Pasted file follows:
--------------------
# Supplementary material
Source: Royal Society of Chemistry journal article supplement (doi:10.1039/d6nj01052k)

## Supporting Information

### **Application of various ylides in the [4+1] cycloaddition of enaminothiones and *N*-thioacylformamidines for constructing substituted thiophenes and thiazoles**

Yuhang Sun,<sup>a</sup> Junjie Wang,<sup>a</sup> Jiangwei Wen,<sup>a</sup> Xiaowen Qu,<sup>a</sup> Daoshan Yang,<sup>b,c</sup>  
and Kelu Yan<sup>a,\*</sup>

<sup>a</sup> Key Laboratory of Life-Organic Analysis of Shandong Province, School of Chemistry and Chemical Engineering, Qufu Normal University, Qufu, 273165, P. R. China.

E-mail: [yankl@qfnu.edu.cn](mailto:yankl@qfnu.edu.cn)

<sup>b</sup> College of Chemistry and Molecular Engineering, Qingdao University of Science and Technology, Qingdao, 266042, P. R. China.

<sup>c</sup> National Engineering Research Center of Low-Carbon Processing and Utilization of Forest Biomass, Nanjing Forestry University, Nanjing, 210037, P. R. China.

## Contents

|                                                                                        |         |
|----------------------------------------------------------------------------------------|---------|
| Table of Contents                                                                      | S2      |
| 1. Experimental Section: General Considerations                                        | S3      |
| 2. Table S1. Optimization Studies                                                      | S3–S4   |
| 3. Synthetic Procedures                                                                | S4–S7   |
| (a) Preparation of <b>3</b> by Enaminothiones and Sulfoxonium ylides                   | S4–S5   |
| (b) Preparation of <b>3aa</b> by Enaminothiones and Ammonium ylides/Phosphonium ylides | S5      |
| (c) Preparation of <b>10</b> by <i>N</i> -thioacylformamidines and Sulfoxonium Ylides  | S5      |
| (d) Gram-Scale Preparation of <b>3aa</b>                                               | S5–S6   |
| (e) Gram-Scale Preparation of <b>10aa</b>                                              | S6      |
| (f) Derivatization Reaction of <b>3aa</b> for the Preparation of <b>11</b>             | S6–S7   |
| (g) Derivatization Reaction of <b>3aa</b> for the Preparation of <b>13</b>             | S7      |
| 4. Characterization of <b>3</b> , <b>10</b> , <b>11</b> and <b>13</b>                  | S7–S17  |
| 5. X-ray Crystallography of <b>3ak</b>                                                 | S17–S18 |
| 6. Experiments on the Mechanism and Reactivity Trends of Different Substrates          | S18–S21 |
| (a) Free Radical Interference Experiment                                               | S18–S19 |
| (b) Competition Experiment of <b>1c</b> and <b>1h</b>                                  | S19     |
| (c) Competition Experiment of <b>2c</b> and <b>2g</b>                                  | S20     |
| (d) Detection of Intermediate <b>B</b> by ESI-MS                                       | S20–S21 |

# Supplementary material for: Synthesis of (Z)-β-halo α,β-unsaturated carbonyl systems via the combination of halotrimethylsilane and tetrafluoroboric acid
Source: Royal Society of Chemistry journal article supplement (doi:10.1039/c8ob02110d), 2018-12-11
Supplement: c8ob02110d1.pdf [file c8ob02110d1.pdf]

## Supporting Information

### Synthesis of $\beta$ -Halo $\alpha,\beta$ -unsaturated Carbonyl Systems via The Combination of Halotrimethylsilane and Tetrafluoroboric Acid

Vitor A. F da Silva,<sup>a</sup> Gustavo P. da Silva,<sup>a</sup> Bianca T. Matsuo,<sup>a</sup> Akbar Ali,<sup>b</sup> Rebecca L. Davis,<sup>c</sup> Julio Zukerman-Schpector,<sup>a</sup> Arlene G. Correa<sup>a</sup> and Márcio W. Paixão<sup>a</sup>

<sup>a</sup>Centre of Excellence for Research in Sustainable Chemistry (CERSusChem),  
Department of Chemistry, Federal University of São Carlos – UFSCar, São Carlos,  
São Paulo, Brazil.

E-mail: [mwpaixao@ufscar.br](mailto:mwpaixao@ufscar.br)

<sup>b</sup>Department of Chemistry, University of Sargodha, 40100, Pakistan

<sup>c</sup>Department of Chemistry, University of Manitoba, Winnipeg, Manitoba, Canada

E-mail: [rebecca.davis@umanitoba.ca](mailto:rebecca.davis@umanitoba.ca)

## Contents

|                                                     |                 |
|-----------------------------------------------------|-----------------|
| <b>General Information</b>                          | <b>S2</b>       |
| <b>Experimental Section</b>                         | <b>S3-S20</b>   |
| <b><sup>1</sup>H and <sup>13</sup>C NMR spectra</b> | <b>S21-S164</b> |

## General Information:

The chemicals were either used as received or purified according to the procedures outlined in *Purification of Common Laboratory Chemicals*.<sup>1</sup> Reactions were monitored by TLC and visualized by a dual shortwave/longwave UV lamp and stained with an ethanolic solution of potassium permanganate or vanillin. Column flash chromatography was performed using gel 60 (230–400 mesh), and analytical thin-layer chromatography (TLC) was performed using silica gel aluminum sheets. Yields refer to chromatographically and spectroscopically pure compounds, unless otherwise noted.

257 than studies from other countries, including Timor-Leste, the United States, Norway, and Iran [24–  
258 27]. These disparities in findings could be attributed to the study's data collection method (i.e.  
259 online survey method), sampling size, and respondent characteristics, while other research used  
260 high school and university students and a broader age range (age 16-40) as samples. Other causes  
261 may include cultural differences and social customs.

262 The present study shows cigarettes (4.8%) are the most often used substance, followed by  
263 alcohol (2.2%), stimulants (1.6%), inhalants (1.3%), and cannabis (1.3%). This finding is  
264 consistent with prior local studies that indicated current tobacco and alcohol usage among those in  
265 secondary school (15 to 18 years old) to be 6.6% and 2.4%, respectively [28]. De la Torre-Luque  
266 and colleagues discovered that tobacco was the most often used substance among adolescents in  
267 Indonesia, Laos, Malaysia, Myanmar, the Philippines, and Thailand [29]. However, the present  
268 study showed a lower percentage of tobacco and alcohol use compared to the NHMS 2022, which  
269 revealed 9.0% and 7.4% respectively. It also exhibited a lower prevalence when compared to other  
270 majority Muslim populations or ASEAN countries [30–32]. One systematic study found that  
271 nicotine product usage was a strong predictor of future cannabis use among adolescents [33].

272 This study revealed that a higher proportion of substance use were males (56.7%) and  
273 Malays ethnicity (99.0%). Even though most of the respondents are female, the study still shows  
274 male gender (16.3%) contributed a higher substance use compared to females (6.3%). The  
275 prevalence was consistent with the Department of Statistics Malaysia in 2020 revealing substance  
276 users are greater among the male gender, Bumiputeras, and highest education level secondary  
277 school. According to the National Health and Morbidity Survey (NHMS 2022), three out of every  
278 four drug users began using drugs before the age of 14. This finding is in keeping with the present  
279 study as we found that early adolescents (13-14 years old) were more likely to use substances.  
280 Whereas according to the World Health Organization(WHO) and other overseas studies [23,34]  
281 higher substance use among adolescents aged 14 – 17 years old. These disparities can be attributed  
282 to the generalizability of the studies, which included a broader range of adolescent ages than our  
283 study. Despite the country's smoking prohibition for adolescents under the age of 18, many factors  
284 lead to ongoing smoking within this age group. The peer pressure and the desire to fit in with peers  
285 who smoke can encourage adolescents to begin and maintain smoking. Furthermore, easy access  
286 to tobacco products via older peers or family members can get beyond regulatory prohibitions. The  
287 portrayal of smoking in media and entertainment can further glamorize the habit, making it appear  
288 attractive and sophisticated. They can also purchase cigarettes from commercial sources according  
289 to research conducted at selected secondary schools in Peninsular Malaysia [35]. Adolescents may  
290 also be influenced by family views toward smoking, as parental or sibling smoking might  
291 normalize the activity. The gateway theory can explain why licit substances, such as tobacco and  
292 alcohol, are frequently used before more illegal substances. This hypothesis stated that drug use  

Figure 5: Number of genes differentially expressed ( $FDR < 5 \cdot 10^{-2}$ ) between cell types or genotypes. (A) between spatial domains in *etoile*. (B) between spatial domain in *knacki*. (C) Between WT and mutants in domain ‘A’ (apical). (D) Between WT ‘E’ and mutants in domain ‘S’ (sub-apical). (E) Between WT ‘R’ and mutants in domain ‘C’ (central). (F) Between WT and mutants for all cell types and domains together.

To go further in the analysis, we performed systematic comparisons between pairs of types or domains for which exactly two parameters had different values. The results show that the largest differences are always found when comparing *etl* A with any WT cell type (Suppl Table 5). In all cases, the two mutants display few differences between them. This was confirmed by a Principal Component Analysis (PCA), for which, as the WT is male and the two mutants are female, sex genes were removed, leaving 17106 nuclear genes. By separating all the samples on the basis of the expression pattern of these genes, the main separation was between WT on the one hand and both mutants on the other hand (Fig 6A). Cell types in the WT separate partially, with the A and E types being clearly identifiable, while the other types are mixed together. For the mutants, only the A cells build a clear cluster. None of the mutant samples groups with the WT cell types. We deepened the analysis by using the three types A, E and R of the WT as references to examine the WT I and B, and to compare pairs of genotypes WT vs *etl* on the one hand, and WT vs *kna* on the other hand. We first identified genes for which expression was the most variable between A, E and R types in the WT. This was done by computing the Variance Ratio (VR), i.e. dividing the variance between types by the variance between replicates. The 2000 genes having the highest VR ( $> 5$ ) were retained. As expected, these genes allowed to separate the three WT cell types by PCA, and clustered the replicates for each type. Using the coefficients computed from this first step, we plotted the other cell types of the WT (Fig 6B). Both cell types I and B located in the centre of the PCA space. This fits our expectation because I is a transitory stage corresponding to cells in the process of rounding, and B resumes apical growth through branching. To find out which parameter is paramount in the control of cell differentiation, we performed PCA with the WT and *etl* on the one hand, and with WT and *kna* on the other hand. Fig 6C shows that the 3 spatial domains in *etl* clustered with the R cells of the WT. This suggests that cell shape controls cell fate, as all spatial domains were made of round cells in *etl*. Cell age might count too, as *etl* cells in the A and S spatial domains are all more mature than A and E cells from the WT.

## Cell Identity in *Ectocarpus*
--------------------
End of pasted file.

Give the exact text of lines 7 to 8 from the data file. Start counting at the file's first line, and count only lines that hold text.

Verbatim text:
<sup>a</sup> Key Laboratory of Life-Organic Analysis of Shandong Province, School of Chemistry and Chemical Engineering, Qufu Normal University, Qufu, 273165, P. R. China.

E-mail: [yankl@qfnu.edu.cn](mailto:yankl@qfnu.edu.cn)